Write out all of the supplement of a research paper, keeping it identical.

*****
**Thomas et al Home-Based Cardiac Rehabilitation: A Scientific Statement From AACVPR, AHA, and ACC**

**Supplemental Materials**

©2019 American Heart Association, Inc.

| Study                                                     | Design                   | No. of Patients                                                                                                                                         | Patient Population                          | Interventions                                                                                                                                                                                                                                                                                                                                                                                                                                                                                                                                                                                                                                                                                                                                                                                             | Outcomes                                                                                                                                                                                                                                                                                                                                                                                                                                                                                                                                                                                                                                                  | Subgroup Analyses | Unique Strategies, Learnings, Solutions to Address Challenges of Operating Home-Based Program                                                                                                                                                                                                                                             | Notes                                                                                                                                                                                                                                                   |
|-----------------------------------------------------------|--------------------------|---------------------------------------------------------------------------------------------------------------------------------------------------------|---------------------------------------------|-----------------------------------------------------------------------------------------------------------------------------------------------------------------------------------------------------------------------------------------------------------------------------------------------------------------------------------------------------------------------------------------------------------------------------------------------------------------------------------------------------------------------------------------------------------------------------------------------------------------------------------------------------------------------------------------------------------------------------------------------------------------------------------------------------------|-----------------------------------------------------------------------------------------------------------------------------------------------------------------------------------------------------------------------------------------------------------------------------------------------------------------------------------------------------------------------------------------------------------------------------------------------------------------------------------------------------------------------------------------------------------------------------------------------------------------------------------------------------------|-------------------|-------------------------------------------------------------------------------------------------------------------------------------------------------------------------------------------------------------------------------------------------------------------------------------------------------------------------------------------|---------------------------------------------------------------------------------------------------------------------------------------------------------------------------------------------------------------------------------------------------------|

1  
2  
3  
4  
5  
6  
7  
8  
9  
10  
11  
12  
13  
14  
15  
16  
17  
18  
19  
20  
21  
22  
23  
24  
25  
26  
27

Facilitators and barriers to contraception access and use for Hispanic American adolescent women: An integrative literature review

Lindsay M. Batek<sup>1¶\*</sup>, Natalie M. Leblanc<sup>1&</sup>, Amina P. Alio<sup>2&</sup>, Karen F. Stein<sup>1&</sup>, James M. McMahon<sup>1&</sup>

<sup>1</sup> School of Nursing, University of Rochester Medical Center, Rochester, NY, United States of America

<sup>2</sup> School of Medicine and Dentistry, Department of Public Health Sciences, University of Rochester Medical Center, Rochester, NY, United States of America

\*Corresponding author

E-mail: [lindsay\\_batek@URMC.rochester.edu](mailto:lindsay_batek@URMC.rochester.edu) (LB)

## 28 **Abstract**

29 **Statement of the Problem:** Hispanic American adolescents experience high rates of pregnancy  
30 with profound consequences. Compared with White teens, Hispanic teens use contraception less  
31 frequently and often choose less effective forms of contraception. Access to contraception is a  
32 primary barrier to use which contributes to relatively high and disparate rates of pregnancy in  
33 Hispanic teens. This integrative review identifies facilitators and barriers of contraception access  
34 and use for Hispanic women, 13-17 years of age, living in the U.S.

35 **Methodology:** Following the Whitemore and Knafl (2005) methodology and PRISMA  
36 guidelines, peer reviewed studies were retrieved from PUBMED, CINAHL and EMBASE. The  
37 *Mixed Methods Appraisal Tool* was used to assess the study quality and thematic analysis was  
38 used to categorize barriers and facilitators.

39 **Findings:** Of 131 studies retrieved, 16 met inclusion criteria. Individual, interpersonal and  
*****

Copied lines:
**Thomas et al Home-Based Cardiac Rehabilitation: A Scientific Statement From AACVPR, AHA, and ACC**

**Supplemental Materials**

©2019 American Heart Association, Inc.

| Study                                                     | Design                   | No. of Patients                                                                                                                                         | Patient Population                          | Interventions                                                                                                                                                                                                                                                                                                                                                                                                                                                                                                                                                                                                                                                                                                                                                                                             | Outcomes                                                                                                                                                                                                                                                                                                                                                                                                                                                                                                                                                                                                                                                  | Subgroup Analyses | Unique Strategies, Learnings, Solutions to Address Challenges of Operating Home-Based Program                                                                                                                                                                                                                                             | Notes                                                                                                                                                                                                                                                   |
|-----------------------------------------------------------|--------------------------|---------------------------------------------------------------------------------------------------------------------------------------------------------|---------------------------------------------|-----------------------------------------------------------------------------------------------------------------------------------------------------------------------------------------------------------------------------------------------------------------------------------------------------------------------------------------------------------------------------------------------------------------------------------------------------------------------------------------------------------------------------------------------------------------------------------------------------------------------------------------------------------------------------------------------------------------------------------------------------------------------------------------------------------|-----------------------------------------------------------------------------------------------------------------------------------------------------------------------------------------------------------------------------------------------------------------------------------------------------------------------------------------------------------------------------------------------------------------------------------------------------------------------------------------------------------------------------------------------------------------------------------------------------------------------------------------------------------|-------------------|-------------------------------------------------------------------------------------------------------------------------------------------------------------------------------------------------------------------------------------------------------------------------------------------------------------------------------------------|---------------------------------------------------------------------------------------------------------------------------------------------------------------------------------------------------------------------------------------------------------|

1  
2  
3  
4  
5  
6  
7  
8  
9  
10  
11  
12  
13  
14  
15  
16  
17  
18  
19  
20  
21  
22  
23  
24  
25  
26  
27

Facilitators and barriers to contraception access and use for Hispanic American adolescent women: An integrative literature review

Lindsay M. Batek<sup>1¶\*</sup>, Natalie M. Leblanc<sup>1&</sup>, Amina P. Alio<sup>2&</sup>, Karen F. Stein<sup>1&</sup>, James M. McMahon<sup>1&</sup>

<sup>1</sup> School of Nursing, University of Rochester Medical Center, Rochester, NY, United States of America

<sup>2</sup> School of Medicine and Dentistry, Department of Public Health Sciences, University of Rochester Medical Center, Rochester, NY, United States of America

\*Corresponding author

E-mail: [lindsay\\_batek@URMC.rochester.edu](mailto:lindsay_batek@URMC.rochester.edu) (LB)

## 28 **Abstract**

29 **Statement of the Problem:** Hispanic American adolescents experience high rates of pregnancy  
30 with profound consequences. Compared with White teens, Hispanic teens use contraception less  
31 frequently and often choose less effective forms of contraception. Access to contraception is a  
32 primary barrier to use which contributes to relatively high and disparate rates of pregnancy in  
33 Hispanic teens. This integrative review identifies facilitators and barriers of contraception access  
34 and use for Hispanic women, 13-17 years of age, living in the U.S.

35 **Methodology:** Following the Whitemore and Knafl (2005) methodology and PRISMA  
36 guidelines, peer reviewed studies were retrieved from PUBMED, CINAHL and EMBASE. The  
37 *Mixed Methods Appraisal Tool* was used to assess the study quality and thematic analysis was  
38 used to categorize barriers and facilitators.

39 **Findings:** Of 131 studies retrieved, 16 met inclusion criteria. Individual, interpersonal and  